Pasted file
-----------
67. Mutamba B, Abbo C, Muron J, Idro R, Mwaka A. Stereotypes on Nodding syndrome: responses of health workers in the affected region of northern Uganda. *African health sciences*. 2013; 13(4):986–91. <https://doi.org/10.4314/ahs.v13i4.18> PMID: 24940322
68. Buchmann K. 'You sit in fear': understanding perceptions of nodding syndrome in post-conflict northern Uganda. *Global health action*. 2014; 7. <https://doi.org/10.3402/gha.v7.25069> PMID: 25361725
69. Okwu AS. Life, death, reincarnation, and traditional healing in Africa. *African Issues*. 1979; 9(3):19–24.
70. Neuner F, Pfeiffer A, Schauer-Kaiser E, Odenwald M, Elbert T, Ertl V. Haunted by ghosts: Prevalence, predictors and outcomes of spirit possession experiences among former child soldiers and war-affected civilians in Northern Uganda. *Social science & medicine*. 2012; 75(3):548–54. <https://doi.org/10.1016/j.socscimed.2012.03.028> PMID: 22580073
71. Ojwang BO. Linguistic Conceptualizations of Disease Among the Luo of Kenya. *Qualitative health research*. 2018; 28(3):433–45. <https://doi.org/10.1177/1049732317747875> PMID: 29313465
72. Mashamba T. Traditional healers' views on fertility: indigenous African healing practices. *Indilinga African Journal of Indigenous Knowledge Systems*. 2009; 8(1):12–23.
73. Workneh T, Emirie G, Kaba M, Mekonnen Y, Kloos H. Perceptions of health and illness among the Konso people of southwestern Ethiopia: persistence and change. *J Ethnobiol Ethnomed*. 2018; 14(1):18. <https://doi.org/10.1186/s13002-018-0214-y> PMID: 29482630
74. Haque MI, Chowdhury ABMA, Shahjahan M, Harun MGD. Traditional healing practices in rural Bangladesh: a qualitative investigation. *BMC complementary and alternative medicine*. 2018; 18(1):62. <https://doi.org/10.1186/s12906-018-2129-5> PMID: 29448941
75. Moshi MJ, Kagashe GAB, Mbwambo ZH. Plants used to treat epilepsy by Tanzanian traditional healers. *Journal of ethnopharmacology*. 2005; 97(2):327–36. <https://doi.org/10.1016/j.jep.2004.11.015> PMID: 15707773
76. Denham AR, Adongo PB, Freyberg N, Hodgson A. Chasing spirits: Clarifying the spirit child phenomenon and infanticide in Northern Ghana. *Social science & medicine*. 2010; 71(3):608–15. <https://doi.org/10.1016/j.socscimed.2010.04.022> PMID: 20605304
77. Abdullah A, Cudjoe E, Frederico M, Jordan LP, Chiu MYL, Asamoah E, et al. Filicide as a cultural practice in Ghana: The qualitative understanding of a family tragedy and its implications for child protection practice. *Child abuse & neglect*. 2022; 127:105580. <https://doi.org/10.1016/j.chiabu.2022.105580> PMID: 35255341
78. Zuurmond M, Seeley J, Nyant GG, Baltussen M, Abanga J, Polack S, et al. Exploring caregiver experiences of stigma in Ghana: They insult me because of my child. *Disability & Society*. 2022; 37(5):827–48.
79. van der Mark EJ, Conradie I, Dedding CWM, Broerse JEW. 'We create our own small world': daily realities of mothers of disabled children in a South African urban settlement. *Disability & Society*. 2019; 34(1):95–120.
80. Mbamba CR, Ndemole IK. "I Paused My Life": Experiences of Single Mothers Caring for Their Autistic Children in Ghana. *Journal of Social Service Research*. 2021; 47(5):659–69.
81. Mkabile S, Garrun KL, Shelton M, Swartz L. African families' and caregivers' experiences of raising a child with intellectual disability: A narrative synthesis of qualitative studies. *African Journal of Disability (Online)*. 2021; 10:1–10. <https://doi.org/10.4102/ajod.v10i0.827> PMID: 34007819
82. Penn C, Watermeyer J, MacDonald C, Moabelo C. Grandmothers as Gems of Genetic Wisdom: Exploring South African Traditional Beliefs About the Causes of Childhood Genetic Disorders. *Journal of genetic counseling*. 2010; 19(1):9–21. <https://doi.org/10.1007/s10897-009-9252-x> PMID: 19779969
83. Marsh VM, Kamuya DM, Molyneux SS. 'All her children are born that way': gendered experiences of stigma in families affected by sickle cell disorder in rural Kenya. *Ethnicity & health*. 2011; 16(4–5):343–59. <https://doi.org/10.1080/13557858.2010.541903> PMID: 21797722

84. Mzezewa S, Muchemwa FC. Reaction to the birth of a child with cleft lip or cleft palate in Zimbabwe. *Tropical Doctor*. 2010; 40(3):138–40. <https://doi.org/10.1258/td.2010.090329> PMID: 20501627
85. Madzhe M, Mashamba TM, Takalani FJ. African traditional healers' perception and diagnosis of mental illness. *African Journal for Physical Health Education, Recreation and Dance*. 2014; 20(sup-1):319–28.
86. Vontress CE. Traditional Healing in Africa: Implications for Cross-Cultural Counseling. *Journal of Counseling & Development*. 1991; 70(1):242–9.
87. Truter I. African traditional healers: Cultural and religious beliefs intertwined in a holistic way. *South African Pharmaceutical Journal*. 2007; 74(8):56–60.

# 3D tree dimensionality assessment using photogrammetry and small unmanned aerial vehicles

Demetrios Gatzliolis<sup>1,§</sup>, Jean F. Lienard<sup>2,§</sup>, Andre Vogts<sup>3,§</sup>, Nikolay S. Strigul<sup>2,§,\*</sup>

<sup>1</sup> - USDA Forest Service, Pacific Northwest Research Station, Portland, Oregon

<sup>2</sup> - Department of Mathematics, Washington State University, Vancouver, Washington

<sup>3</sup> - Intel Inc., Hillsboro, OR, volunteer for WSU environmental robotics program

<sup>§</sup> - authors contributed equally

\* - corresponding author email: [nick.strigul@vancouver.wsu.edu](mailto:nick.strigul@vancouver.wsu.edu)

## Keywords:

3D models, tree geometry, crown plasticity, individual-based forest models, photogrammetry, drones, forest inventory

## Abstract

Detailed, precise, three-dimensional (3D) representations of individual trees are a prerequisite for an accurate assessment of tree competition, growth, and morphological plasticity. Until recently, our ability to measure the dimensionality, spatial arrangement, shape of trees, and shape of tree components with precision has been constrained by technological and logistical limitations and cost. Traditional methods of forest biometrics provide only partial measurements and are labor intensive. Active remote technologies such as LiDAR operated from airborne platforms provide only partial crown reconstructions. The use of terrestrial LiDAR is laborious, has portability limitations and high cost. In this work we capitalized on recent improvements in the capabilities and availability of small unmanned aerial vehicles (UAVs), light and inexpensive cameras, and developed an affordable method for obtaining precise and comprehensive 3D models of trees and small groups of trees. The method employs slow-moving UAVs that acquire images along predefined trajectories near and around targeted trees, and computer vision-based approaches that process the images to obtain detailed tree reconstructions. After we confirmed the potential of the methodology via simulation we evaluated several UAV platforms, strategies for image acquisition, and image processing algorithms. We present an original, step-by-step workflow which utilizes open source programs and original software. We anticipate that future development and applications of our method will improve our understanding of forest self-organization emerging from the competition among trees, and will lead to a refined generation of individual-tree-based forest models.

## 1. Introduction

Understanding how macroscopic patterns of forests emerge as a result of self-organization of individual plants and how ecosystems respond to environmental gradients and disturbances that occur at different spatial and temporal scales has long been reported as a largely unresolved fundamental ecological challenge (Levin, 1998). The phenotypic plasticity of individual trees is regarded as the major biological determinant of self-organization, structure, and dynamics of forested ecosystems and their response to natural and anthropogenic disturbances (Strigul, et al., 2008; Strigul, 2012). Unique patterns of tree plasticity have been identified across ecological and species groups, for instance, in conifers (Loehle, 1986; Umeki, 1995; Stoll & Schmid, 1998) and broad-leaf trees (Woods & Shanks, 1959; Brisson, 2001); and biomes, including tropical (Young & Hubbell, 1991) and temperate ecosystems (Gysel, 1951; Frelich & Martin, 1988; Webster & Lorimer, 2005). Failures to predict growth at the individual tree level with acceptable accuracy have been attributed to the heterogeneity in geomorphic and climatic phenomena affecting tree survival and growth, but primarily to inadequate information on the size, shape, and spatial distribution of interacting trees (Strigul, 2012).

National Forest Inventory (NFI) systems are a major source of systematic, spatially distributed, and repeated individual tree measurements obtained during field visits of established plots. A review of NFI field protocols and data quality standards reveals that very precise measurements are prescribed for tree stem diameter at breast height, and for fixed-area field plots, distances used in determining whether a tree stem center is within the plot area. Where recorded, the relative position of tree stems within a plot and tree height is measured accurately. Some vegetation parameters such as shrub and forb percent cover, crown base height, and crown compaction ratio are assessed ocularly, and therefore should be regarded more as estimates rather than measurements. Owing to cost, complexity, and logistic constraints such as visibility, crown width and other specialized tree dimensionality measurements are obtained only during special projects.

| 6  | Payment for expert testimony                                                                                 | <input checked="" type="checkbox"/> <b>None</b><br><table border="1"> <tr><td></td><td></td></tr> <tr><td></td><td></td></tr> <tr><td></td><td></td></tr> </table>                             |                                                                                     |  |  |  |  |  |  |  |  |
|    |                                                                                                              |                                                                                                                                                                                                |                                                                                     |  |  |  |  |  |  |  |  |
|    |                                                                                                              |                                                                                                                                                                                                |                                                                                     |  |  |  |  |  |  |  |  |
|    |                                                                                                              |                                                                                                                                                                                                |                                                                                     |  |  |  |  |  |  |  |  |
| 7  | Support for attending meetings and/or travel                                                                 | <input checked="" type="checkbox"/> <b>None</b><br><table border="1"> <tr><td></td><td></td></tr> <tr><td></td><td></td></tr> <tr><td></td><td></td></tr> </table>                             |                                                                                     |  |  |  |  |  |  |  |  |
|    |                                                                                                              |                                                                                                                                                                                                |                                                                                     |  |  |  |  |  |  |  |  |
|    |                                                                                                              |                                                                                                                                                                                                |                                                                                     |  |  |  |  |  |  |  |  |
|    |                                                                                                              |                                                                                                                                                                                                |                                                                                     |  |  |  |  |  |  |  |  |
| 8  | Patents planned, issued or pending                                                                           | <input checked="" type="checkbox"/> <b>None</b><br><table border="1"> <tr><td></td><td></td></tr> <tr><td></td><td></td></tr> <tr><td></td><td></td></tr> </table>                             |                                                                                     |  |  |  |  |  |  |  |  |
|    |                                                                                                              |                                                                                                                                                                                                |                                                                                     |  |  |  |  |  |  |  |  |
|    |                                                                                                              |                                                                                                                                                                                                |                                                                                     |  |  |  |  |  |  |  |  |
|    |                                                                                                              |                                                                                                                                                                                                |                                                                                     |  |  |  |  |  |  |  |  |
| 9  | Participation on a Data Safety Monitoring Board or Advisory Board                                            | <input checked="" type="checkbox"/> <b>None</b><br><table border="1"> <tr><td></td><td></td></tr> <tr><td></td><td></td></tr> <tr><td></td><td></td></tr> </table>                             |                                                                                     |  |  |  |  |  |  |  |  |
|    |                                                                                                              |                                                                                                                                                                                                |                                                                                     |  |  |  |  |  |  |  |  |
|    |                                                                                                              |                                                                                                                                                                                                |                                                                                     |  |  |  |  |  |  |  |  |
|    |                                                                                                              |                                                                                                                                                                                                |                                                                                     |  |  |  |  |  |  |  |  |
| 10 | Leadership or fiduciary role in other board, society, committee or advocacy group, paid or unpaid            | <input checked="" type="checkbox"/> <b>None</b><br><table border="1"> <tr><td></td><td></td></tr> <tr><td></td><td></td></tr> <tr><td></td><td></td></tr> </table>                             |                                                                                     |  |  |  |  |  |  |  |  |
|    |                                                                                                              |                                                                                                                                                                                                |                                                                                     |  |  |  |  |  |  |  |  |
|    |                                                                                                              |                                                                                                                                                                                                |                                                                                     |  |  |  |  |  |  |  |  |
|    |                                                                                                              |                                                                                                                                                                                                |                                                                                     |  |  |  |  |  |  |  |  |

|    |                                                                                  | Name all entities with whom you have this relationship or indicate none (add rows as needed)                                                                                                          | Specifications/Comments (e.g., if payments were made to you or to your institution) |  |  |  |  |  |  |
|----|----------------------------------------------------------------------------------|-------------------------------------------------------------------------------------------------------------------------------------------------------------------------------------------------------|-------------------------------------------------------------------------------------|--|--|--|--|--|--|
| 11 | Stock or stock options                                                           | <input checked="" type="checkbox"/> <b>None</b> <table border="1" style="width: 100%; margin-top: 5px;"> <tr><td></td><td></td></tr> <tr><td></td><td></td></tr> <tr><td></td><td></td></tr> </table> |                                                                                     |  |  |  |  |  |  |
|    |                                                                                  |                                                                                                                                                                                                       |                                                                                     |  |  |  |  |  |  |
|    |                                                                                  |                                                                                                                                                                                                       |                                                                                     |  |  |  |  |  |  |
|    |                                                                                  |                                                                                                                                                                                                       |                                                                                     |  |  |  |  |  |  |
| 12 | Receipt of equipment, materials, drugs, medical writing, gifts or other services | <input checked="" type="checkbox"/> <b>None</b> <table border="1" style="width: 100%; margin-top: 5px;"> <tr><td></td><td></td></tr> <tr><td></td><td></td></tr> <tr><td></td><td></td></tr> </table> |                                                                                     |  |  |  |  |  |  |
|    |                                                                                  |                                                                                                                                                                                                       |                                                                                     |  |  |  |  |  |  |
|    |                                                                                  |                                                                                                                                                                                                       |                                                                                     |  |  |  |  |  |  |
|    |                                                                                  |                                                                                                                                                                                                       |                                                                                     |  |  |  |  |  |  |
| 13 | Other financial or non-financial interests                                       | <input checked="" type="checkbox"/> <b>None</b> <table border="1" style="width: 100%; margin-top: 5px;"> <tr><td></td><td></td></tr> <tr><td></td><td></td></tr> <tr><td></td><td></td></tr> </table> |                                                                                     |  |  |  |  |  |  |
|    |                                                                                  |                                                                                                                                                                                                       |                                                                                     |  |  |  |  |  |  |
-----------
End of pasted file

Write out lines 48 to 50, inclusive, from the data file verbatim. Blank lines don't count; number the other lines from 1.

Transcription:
| 9  | Participation on a Data Safety Monitoring Board or Advisory Board                                            | <input checked="" type="checkbox"/> <b>None</b><br><table border="1"> <tr><td></td><td></td></tr> <tr><td></td><td></td></tr> <tr><td></td><td></td></tr> </table>                             |                                                                                     |  |  |  |  |  |  |  |  |
|    |                                                                                                              |                                                                                                                                                                                                |                                                                                     |  |  |  |  |  |  |  |  |
|    |                                                                                                              |                                                                                                                                                                                                |                                                                                     |  |  |  |  |  |  |  |  |